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First thing I noticed is that you are using a bunch of global variables in the PlantManager class, probably unintentionally. plantMap should probably be a class property: this.plantMap. The others (plantLocation, clean, random, x, y, growthLocation, plant) should be declared with var (or let if you're using ES6 syntax). Fixing the variable scoping may not solve the issue, though.

The second thing I noticed is that on the edges of the tilemap, the plantManger.getGrowthLocation() method will raise an exception, because you're filtering the undefined values after attempting to access the plant property on undefined. You can easily solve this by filtering the array before mapping the values.

Ah, here is the problem, on this line:

if(growthLocation && !plantMap[x][y].plant){

The boolean is pointing at the parent location, which is initially false. You want to check the value of growthLocation.plant here, and assign true to this property inside the condition body. Also, as a side note, you should set plantMap[50][50].plant = true in the seed method, otherwise it will grow a second plant in that location.

Also, one question and an observation: Are all of these plants supposed to be 1x1 pixel each? Seems like you're going to end up creating a ton of plant objects if that's true! A modern retina display has over 5 million pixels, as an example. So a full screen plant-reproduction-simulator on such a device will create a maximum of 5,184,000 plant objects. The game will become unplayably slow before it fills the entire screen with green pixels, though.

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Hey Parasyte,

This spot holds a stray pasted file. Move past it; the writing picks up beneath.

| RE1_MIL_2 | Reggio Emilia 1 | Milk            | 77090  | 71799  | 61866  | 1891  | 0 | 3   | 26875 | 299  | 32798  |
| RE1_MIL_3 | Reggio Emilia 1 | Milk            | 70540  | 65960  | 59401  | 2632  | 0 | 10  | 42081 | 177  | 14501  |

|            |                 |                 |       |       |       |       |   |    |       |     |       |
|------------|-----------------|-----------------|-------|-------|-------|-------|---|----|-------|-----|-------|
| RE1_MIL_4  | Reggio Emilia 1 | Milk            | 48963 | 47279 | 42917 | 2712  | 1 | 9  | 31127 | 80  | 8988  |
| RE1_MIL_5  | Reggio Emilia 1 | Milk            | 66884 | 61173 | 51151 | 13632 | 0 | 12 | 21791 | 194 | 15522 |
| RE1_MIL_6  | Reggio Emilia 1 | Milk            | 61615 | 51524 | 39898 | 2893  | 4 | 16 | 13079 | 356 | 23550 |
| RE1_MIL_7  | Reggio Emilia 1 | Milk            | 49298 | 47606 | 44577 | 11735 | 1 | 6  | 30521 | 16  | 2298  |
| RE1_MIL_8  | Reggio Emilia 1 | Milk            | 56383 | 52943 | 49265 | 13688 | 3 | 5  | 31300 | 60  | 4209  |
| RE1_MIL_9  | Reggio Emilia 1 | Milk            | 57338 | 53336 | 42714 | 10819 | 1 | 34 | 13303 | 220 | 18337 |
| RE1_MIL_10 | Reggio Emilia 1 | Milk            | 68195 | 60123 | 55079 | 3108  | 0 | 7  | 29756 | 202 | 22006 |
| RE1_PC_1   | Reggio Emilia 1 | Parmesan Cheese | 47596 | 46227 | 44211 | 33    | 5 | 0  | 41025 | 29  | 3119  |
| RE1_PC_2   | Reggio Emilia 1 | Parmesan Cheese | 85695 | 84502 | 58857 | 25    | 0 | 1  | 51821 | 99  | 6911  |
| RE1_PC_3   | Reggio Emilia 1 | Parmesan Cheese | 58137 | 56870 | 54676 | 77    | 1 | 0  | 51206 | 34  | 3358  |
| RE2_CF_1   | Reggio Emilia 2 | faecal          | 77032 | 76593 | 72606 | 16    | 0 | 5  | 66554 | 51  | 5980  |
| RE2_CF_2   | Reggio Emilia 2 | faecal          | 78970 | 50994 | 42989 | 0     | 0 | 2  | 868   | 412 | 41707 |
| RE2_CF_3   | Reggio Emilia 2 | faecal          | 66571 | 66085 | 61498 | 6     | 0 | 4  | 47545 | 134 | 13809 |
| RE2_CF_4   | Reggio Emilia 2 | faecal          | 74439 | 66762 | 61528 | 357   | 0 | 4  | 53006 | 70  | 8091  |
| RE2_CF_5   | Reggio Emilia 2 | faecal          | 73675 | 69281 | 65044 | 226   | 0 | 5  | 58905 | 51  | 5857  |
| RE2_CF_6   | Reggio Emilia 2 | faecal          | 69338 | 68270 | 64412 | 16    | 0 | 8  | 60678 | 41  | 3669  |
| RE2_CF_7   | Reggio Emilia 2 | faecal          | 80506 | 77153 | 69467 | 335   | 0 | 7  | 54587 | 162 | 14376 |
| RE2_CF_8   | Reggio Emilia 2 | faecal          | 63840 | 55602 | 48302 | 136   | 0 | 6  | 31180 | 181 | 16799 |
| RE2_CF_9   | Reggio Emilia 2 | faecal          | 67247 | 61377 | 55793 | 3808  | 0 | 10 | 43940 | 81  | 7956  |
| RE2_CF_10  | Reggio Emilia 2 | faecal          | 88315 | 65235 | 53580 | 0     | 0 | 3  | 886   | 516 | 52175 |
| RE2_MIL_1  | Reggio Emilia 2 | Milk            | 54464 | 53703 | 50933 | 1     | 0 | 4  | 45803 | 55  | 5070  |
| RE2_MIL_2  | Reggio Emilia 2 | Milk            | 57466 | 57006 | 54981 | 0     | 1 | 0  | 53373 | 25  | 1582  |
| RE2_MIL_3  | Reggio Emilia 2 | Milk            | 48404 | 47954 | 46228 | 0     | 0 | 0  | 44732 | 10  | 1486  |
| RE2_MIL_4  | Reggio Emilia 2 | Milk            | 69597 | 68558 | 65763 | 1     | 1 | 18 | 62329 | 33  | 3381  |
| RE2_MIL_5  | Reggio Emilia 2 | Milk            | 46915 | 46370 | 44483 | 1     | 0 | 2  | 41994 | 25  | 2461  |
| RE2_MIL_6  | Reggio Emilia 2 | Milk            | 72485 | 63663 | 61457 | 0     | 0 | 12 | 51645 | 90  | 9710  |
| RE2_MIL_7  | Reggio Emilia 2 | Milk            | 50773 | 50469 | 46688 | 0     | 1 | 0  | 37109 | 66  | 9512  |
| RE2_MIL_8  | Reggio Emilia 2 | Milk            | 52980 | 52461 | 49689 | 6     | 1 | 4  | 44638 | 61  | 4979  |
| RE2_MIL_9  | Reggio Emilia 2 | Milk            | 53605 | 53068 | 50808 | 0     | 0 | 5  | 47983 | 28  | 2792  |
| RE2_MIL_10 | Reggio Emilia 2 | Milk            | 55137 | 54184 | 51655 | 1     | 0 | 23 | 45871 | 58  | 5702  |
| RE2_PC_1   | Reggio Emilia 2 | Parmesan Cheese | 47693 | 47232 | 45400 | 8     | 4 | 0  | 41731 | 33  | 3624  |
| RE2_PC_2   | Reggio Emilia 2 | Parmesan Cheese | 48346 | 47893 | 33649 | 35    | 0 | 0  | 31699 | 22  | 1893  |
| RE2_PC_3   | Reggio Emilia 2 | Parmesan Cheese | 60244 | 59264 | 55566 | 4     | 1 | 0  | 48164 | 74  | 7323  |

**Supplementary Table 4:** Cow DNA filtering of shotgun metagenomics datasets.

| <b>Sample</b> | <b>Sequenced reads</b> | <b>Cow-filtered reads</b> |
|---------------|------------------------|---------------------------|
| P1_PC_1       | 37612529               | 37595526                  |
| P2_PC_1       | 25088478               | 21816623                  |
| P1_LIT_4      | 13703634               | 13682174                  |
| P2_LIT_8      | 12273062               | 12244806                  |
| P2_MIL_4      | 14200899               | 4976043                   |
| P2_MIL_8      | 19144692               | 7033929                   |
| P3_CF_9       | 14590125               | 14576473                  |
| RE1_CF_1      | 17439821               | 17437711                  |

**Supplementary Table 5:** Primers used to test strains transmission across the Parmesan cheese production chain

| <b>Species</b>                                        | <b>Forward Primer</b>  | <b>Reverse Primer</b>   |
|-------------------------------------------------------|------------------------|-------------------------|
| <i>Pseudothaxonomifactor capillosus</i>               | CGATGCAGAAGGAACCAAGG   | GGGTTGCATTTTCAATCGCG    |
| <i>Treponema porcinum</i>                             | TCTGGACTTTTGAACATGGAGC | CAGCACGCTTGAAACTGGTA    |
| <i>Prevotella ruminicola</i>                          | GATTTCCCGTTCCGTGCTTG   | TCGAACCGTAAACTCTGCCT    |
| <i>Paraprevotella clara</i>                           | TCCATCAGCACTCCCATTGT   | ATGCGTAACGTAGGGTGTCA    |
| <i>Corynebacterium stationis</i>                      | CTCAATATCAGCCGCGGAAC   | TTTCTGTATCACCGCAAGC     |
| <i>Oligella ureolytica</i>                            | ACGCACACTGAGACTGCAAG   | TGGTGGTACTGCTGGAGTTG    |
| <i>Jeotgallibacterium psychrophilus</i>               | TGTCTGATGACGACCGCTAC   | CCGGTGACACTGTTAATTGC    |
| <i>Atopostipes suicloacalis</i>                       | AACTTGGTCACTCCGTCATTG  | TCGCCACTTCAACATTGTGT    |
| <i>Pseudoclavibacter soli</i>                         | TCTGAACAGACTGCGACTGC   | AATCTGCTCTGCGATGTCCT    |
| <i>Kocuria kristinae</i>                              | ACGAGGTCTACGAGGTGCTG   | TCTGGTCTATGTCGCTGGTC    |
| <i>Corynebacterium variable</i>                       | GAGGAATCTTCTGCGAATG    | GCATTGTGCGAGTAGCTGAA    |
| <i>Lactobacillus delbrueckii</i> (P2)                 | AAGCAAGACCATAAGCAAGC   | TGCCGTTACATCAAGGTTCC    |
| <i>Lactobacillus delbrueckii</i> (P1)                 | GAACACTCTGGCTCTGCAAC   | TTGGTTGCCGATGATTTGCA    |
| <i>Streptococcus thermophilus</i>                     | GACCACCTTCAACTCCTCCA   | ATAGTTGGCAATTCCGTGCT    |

The if statement was indeed the issue, thanks for looking through the code :). Also thanks for all the other tips and heads up i really appreciate it.

The playing field is for now a maximum of 100px by 100px so that will reduce the total amount of plants to 10k. Now this is working as intended my goal is to build a simple "creature" which feeds of the grass (removing energy and adding it to itself)and moves around/multiplies as needed. 

For v1 the goal is that the attributes of the creature and the plants have a chance to be randomly a little bit bigger or smaller than it's parent, in other words trying to simulate evolution. 

Let me say again, Thanks for your time and help :)

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Glad it all worked out!

10,000 is also quite a lot; each of those entities needs to update in a tight loop on every frame, and again in a second tight loop to draw. It's a very similar problem that the particle emitter experiences; but we have the luxury that the particles are much lighter-weight than entities. A more efficient implementation would be moving the BasicPlant logic into the PlantManager. The manager is already recording the state of each plant in a 2D array, so it's not a huge leap to have the PlantManager draw each plant to an off-screen canvas when a new plant is spawned. That will reduce the update and draw calls from O(n) to O(1) runtime, which is huge! (Where n is the maximum number of plants.) And updating the plant state from the manager will be much lighter weight than the Entity class, too. So that's also a win.

It sounds like a really cool concept, though. I've always wanted to make a game with some evolution simulation elements.